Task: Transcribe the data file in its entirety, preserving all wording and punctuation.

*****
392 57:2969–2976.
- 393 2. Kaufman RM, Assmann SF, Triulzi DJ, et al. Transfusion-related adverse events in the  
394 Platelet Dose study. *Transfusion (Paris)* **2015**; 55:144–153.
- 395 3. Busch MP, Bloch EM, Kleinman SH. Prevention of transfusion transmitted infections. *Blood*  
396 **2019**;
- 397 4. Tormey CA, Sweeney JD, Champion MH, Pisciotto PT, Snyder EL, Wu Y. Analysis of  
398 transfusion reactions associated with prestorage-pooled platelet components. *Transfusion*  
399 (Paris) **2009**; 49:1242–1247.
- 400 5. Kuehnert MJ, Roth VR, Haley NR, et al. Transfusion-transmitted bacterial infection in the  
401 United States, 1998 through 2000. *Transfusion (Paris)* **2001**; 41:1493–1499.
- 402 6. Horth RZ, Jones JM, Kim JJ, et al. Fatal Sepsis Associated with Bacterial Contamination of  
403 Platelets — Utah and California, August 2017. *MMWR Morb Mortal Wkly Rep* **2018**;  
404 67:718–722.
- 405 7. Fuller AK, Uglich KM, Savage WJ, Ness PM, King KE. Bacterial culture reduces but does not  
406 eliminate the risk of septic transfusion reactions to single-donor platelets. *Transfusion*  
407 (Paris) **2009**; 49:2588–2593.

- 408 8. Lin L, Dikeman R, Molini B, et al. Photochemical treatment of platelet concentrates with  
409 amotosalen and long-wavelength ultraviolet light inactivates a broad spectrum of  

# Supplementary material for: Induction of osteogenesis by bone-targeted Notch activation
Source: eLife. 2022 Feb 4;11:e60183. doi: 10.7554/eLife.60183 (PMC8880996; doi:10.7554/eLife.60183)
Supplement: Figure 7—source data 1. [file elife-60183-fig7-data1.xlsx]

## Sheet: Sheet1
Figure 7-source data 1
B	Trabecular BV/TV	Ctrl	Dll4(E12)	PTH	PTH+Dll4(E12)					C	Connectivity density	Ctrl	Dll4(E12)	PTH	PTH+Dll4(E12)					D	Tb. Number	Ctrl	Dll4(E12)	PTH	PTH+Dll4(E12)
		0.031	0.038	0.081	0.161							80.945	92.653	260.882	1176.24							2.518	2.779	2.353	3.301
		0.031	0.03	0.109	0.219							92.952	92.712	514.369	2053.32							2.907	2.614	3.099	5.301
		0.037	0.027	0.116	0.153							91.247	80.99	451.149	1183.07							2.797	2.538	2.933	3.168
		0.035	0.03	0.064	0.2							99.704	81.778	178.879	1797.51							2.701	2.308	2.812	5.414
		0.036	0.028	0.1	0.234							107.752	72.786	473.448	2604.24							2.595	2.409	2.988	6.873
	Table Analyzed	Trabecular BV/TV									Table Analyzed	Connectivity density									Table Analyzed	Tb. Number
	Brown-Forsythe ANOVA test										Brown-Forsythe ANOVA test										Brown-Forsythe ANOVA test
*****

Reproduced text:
392 57:2969–2976.
- 393 2. Kaufman RM, Assmann SF, Triulzi DJ, et al. Transfusion-related adverse events in the  
394 Platelet Dose study. *Transfusion (Paris)* **2015**; 55:144–153.
- 395 3. Busch MP, Bloch EM, Kleinman SH. Prevention of transfusion transmitted infections. *Blood*  
396 **2019**;
- 397 4. Tormey CA, Sweeney JD, Champion MH, Pisciotto PT, Snyder EL, Wu Y. Analysis of  
398 transfusion reactions associated with prestorage-pooled platelet components. *Transfusion*  
399 (Paris) **2009**; 49:1242–1247.
- 400 5. Kuehnert MJ, Roth VR, Haley NR, et al. Transfusion-transmitted bacterial infection in the  
401 United States, 1998 through 2000. *Transfusion (Paris)* **2001**; 41:1493–1499.
- 402 6. Horth RZ, Jones JM, Kim JJ, et al. Fatal Sepsis Associated with Bacterial Contamination of  
403 Platelets — Utah and California, August 2017. *MMWR Morb Mortal Wkly Rep* **2018**;  
404 67:718–722.
- 405 7. Fuller AK, Uglich KM, Savage WJ, Ness PM, King KE. Bacterial culture reduces but does not  
406 eliminate the risk of septic transfusion reactions to single-donor platelets. *Transfusion*  
407 (Paris) **2009**; 49:2588–2593.

- 408 8. Lin L, Dikeman R, Molini B, et al. Photochemical treatment of platelet concentrates with  
409 amotosalen and long-wavelength ultraviolet light inactivates a broad spectrum of  

# Supplementary material for: Induction of osteogenesis by bone-targeted Notch activation
Source: eLife. 2022 Feb 4;11:e60183. doi: 10.7554/eLife.60183 (PMC8880996; doi:10.7554/eLife.60183)
Supplement: Figure 7—source data 1. [file elife-60183-fig7-data1.xlsx]

## Sheet: Sheet1
Figure 7-source data 1
B	Trabecular BV/TV	Ctrl	Dll4(E12)	PTH	PTH+Dll4(E12)					C	Connectivity density	Ctrl	Dll4(E12)	PTH	PTH+Dll4(E12)					D	Tb. Number	Ctrl	Dll4(E12)	PTH	PTH+Dll4(E12)
		0.031	0.038	0.081	0.161							80.945	92.653	260.882	1176.24							2.518	2.779	2.353	3.301
		0.031	0.03	0.109	0.219							92.952	92.712	514.369	2053.32							2.907	2.614	3.099	5.301
		0.037	0.027	0.116	0.153							91.247	80.99	451.149	1183.07							2.797	2.538	2.933	3.168
		0.035	0.03	0.064	0.2							99.704	81.778	178.879	1797.51							2.701	2.308	2.812	5.414
		0.036	0.028	0.1	0.234							107.752	72.786	473.448	2604.24							2.595	2.409	2.988	6.873
	Table Analyzed	Trabecular BV/TV									Table Analyzed	Connectivity density									Table Analyzed	Tb. Number
	Brown-Forsythe ANOVA test										Brown-Forsythe ANOVA test										Brown-Forsythe ANOVA test